Tuesday, November 29, 2016

Les Troyens at Lyric Opera

DC Metro. Camera: Canonet QL-17. Film: Trix400.
Got to experience my first live Troyens over Thanksgiving weekend, thanks to Lyric Opera of Chicago's new production...

The headline casting coup here was the one-two punch of Christine Goerke and Susan Graham as Cassandre and Didon. Goerke's vocalism towered over the Troy acts, the part a great fit for her voice and a showcase for how she can convey urgent drama while maintaining that beautiful rounded tone throughout. Companies thinking about dipping their toe into Troyens need to get on it stat to give her more opportunities to sing this role, which could very well be a signature part for her.

Graham, a late replacement for the originally scheduled Sophie Koch, has has of course owned Didon for a decade now, and her portrayal remains an essential assumption, especially in Didon's harrowing breakdown over the course of Act 5. Her middle voice is perhaps a bit less plush than I remember from the HD broadcasts in 2012, but the her soaring, powerful top remains an incredible vehicle for Didon's passion and rage.

The third punch (?) was supposed to be Brandon Jovanovich's Aeneas, but he cancelled shortly before curtain time due to illness, and the production's Helenus, Corey Bix, went on in his place. Now before making any critiques, I want to make clear that people who cover Aeneas deserve our gratitude, are assured a place in heaven, etc. And moreover, people that can create a full-fledged, musically satisfying performance and essentially save huge stretches of the show like Bix did Saturday night are to be especially praised.

That said, Bix didn't get too far beyond checking the (admittedly pretty extraordinary) boxes for this part. The voice is loud, but somewhat colorless and lacks the heroic styling and timbre that would take the vocal portrayal to a more rarefied level. In softer music (like the love duet), the essential attractiveness of the voice is clear, but once the demands get more intense a sort of curdled sound takes over and the focus turns to getting through the music (again, no small task) rather than making something more with it. Bix has now replaced Issachah Savage in Virginia Opera's "Der Freischutz" in February, and while I am very bummed about missing another chance to hear Savage, will look forward to hearing Bix under friendlier conditions than the most intimidating cover situation possible (though I hear he also filled in for a number of Hymel dates in SFO--apparently he makes a habit of this grueling task).

Breaking down the rest of the endless cast in detail would get pretty tiring but here's a quick shout out list: as Iopas, tenor Mingjie Lei turned in a very beautiful Ceres song; Okka von der Damerau made a lot of out her turn as Dido's sister using her very dark, interesting mezzo voice; young artist Jonathan Johnson made a good impression in Hylas' Act 5 opening ballade; and Bradley Smoak brought a fine rich bass to Hector's ghost.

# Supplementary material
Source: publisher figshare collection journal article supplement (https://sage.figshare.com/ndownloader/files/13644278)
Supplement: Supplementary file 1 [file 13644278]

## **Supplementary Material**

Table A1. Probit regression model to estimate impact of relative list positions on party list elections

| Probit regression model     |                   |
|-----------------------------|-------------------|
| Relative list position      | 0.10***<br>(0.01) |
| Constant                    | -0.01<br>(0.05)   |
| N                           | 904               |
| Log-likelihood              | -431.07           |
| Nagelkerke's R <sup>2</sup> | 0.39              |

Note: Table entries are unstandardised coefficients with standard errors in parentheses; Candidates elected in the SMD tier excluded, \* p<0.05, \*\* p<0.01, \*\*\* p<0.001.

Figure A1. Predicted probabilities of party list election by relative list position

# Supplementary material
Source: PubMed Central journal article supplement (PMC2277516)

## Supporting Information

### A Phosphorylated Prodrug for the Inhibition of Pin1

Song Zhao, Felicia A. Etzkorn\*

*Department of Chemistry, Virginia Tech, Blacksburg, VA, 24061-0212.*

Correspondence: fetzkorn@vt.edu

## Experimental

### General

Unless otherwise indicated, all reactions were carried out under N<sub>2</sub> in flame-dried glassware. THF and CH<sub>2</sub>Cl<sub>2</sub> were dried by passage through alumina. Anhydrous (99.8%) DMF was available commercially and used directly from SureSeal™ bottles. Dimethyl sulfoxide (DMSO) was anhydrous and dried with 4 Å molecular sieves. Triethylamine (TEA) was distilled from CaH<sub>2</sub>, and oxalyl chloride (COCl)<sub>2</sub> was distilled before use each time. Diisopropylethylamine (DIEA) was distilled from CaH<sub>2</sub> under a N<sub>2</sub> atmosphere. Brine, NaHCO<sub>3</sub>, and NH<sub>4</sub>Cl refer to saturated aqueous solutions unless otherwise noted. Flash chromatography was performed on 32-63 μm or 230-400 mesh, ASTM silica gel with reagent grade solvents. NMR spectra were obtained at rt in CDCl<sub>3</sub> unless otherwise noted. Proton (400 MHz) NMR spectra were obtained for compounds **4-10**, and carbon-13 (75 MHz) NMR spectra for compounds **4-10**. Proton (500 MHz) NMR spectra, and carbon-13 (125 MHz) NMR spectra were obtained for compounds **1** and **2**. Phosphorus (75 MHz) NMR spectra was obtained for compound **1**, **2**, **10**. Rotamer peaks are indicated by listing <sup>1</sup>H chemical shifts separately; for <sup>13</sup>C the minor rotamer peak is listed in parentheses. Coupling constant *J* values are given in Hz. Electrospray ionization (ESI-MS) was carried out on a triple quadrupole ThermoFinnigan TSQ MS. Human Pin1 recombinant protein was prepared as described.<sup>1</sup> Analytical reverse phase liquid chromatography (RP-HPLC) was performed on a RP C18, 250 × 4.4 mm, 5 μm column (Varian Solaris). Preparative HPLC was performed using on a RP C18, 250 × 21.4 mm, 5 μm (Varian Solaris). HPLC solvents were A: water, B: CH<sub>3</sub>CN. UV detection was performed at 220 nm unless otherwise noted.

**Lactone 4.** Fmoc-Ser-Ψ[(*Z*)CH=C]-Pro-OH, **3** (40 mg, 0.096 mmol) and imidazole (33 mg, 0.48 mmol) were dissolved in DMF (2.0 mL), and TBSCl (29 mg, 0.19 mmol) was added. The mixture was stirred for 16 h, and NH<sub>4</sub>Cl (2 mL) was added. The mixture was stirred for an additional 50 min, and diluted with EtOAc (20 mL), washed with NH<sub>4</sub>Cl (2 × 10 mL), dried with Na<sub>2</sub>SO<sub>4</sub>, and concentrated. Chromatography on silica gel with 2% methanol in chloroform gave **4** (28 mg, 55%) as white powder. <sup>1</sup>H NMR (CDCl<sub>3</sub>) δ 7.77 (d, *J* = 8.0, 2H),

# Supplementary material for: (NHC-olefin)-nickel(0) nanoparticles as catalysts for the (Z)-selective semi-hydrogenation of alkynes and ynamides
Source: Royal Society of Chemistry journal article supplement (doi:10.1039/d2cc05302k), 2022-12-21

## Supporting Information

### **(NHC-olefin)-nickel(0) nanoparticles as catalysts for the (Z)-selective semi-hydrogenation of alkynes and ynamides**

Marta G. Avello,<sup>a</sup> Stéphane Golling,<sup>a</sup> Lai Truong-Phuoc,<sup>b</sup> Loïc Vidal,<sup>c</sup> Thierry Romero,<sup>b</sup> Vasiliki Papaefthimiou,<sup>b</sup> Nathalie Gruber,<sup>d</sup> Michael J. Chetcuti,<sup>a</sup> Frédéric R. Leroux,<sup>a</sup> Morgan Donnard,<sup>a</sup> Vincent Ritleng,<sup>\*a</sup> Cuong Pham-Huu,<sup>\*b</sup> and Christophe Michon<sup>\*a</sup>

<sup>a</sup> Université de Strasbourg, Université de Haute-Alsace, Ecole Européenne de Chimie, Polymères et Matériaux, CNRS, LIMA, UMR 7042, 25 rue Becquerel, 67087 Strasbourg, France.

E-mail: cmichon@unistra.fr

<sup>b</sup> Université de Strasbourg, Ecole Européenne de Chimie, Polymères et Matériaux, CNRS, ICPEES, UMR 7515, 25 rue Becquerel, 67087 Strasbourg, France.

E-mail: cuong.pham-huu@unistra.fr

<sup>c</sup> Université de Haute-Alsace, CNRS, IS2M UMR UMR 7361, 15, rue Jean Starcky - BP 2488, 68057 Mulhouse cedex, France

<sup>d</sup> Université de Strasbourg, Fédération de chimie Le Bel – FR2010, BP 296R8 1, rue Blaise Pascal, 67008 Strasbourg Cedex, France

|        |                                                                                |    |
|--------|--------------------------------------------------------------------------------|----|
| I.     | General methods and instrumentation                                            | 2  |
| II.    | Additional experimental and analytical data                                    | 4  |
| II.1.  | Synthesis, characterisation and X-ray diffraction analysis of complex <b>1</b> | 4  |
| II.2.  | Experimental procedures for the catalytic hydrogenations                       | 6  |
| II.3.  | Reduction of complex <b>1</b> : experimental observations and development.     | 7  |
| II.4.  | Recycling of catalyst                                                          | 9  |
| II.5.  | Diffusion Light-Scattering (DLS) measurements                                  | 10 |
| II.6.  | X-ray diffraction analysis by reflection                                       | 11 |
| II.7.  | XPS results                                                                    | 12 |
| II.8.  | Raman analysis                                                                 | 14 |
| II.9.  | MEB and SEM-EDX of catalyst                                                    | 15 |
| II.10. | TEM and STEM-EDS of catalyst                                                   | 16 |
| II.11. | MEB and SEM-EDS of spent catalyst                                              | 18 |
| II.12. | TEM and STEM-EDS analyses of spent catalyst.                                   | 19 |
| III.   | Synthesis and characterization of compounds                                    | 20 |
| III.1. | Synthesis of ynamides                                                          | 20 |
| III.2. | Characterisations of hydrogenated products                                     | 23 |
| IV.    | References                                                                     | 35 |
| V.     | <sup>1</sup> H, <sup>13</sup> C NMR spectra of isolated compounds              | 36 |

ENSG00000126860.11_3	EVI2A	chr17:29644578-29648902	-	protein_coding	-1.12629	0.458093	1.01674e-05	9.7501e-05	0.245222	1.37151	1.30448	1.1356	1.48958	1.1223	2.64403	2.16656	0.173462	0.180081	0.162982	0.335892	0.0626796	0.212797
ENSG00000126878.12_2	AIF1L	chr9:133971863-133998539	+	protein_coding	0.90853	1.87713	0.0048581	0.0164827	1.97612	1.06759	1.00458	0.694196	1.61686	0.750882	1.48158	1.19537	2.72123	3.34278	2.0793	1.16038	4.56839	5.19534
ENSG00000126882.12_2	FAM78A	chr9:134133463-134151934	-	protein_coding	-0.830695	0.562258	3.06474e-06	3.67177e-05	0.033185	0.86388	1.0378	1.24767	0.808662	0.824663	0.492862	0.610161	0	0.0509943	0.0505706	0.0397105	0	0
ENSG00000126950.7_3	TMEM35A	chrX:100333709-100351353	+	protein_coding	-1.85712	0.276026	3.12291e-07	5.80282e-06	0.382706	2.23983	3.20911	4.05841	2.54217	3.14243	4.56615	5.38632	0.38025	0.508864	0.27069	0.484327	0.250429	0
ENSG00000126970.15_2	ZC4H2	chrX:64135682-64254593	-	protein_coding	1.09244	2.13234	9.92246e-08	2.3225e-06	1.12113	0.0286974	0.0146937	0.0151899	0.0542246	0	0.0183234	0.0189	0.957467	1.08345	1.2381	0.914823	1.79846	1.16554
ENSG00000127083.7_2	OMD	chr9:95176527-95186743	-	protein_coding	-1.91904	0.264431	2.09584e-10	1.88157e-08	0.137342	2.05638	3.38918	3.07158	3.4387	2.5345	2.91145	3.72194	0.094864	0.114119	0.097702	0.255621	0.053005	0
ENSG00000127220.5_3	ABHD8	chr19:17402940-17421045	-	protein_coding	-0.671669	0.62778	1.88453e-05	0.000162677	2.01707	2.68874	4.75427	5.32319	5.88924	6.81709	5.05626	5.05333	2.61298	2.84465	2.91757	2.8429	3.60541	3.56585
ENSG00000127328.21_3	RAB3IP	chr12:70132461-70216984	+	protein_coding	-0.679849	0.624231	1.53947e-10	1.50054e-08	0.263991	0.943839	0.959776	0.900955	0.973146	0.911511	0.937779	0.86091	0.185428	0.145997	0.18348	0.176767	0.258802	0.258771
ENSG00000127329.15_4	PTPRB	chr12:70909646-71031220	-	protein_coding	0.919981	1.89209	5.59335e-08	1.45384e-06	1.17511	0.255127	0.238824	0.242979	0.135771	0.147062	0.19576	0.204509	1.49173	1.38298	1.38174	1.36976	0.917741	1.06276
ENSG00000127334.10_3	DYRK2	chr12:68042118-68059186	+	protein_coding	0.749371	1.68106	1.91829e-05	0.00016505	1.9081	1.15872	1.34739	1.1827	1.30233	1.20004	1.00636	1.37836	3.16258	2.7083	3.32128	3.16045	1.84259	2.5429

The production design is hit or miss. A large curved wall revolves to create different spaces in the cities of Troy and Carthage. Filled with rubble that provided a variety of playing spaces during the two Troy Acts the set looked great and served as a vehicle for some effective design moments like the huge projection of the Trojan horse drifting across the front of the ramparts while Cassandre sings her heart out from the top of the ramparts.

Unfortunately, after cleaning up the rubble for the Carthage part, things got considerably less visually interesting. The production tried to solve this with projections onto the huge expanse of the back wall of the set, but these often fell prey to the old crappy projection syndrome (CPS). A bit with stars and bad looking planets moving across the wall during the love duet was especially risible. In Act V they just stopped trying and most of the action was played out against a generically lit whitewashed wall.

Direction of the principal's scenes and crowd management during the big ensembles was fine I guess, but c'mon--with all the great inventive productions of greek and greek-adjacent theatre over recent decades this is the best we can do? I don't know if the goal was something understated, if they ran out of money, or if they just ran out of ideas, but this felt like a poorly conceived production and something of a missed opportunity given the tremendous canvas Troyens provides.

Costumes were nondescript modern dress, but sometimes confusing, as with an extremely unflattering schoolmarm skirt suit for Graham in Act III which was tried and failed to indicate "head of state." Graham's elegant "nondescript classical period" blue robe for the final Act was much more in line with what you'd expect for Troyens but it's hard to explain how it existed in the same universe with the earlier getup.

The orchestra and chorus, led by Andrew Davis, set a very high musical bar for the evening. I'll admit I had lost track of my opinion of the Lyric band and assumed it would be solid but nothing special, but was promptly put in my place by the big, exciting sound that poured from the pit. Davis served up some truly thrilling climaxes, for instance, Act 2's suicide chorus, one of those special moments where the drawbacks of the theater fall away and you are only aware of what a spectacular melding of chorus, soloists and monster orchestra you are witnessing.

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